[Nut-upsuser] 2.2.2-pre2 64 bit rpm tested on openSUSE 10.3

Arjen de Korte nut+users at de-korte.org
Sun Apr 20 19:09:30 UTC 2008

> Hello Arjen, I live in the Alpes Maritimes in the south of France.  This
> is an area with frequent electrical storms, plenty of lightning and it is
> common to have several short power cuts in succession during a storm.  My
> strategy is to tolerate short power cuts, up to 120 seconds, but if the
> power cut lasts longer I tell my users, in french not english, that the
> system is shutting down, and I give them 2 minutes to save their work.
> My time intervals are short because I want to be able to go through the
> shutdown-restart sequence several times without having time to recharge
> the batteries.
> If I lived say in Paris the strategy would be different since there they
> have much less lightning.
> My successive installations of NUT have left me with an accumulation of
> configuration files which have built up over the years.  They could do
> with a thorough cleanup.  I'll have a close look at the upsmon.conf.rpmnew
> which has appeared.

The problem with your configuration is, that it isn't robust (although you
may think it is). When the UPS is reporting a LB condition, your setup
will not allow shortcuts on the delays and you'd still have a two minute
delay in the shutdown command. In all likelyhood, your UPS will not be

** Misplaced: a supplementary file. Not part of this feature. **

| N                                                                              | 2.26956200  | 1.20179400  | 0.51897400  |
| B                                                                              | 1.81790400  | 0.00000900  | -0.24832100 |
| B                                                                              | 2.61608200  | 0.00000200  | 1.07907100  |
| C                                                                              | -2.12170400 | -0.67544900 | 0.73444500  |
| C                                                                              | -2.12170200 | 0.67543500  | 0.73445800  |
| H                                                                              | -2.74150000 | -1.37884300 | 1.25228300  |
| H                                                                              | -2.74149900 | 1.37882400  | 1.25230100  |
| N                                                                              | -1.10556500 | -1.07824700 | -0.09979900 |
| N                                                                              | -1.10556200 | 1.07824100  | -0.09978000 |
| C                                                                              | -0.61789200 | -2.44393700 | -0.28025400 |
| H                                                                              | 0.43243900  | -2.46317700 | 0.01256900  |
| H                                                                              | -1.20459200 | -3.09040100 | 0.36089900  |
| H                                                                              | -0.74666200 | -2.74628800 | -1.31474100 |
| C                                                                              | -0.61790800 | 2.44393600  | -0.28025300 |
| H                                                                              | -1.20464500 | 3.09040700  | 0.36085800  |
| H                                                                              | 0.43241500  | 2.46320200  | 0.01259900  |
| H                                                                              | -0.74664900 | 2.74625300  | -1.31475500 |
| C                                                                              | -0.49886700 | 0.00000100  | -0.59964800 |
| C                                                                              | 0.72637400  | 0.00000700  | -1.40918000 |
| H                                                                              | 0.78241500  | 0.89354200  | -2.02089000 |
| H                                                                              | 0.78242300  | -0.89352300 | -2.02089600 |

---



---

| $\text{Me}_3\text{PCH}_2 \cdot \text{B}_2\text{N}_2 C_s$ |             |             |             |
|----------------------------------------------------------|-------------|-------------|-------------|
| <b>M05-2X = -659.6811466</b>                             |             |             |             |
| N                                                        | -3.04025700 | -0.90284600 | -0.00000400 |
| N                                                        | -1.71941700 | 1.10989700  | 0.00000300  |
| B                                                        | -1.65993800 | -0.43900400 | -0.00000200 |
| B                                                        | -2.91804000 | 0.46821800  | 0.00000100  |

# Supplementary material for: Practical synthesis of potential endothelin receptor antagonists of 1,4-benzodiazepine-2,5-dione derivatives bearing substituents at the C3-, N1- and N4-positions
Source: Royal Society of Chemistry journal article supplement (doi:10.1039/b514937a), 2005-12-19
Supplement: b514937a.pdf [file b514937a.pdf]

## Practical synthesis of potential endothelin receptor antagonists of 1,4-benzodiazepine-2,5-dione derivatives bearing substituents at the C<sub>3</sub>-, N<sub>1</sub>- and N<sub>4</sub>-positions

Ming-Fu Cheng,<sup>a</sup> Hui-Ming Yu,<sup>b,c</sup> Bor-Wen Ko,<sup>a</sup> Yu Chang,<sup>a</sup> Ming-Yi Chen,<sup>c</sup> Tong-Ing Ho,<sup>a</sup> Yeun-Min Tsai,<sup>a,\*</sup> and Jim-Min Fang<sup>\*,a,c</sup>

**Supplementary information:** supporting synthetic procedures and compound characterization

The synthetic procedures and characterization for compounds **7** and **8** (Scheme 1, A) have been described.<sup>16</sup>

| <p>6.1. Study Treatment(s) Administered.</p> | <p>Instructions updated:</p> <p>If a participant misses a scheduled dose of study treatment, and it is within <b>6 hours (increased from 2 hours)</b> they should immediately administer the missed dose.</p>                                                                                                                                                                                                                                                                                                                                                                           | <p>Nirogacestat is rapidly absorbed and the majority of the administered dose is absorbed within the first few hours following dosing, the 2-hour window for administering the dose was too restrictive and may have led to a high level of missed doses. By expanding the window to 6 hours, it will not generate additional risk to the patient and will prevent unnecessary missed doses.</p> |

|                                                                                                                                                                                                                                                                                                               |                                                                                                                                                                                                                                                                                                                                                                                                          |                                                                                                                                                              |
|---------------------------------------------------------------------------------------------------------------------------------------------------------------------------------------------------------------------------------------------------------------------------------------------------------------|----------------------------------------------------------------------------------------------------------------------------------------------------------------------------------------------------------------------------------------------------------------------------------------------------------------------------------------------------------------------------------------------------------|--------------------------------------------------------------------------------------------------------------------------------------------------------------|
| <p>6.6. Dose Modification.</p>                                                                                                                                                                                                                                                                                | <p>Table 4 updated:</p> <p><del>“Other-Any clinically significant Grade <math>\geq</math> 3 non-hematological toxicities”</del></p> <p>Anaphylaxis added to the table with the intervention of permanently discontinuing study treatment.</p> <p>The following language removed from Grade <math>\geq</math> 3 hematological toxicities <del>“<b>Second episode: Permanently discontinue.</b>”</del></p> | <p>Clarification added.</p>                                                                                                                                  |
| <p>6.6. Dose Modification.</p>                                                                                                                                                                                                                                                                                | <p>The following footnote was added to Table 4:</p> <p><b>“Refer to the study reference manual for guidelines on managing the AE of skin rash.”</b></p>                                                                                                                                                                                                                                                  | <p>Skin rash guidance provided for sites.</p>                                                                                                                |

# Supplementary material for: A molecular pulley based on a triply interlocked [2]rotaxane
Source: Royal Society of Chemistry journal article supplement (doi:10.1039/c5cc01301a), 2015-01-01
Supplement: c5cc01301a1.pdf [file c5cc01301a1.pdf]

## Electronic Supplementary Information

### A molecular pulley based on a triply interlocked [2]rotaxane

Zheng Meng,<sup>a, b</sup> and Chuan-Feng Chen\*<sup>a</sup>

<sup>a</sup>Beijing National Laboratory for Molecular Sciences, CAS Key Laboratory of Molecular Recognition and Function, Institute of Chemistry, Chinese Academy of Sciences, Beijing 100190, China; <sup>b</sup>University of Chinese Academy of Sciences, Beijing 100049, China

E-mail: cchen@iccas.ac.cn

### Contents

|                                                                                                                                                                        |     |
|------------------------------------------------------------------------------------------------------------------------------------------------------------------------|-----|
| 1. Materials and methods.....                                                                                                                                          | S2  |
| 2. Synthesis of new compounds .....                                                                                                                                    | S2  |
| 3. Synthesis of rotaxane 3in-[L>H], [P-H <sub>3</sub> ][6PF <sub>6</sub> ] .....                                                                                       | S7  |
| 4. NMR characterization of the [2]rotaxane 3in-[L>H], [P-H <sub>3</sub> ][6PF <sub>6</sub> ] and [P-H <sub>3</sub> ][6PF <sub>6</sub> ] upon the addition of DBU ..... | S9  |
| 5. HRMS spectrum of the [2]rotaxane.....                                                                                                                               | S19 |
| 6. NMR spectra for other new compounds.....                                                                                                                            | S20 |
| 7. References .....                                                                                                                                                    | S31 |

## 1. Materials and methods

able to cope with that when the battery is almost empty. Also, after
sending the 'shutdown -h +2' command, you've effectively lost control over
what happens next.

The better strategy would be to start a upssched timer (I'll call this
'powerout') as soon as the power is lost. If the power returns, cancel the
timer and it is business as usual. When the 'powerout' timer elapses after
two minutes, you start a second timer (I'll call this one 'delayoff')
after sending a message through 'wall' to inform the users that a shutdown
is imminent. Again, if the power returns, you cancel the 'delayoff' timer
(don't forget an informative 'wall' message) and it is business as usual.

When the 'delayoff' timer elapses, you send the master 'upsmon -c fsd'
which will (irreversably) start a shutdown sequence. You also send this
command at any time the UPS reports a low battery condition, whatever the
state of the timers is. This is the part that is missing in your current
configuration. You definitly should *not* add delays when the UPS is
reporting a critical battery, therefor the 2 minute delay in the

Best regards, Arjen
Eindhoven - The Netherlands
Key fingerprint - 66 4E 03 2C 9D B5 CB 9B  7A FE 7E C1 EE 88 BC 57

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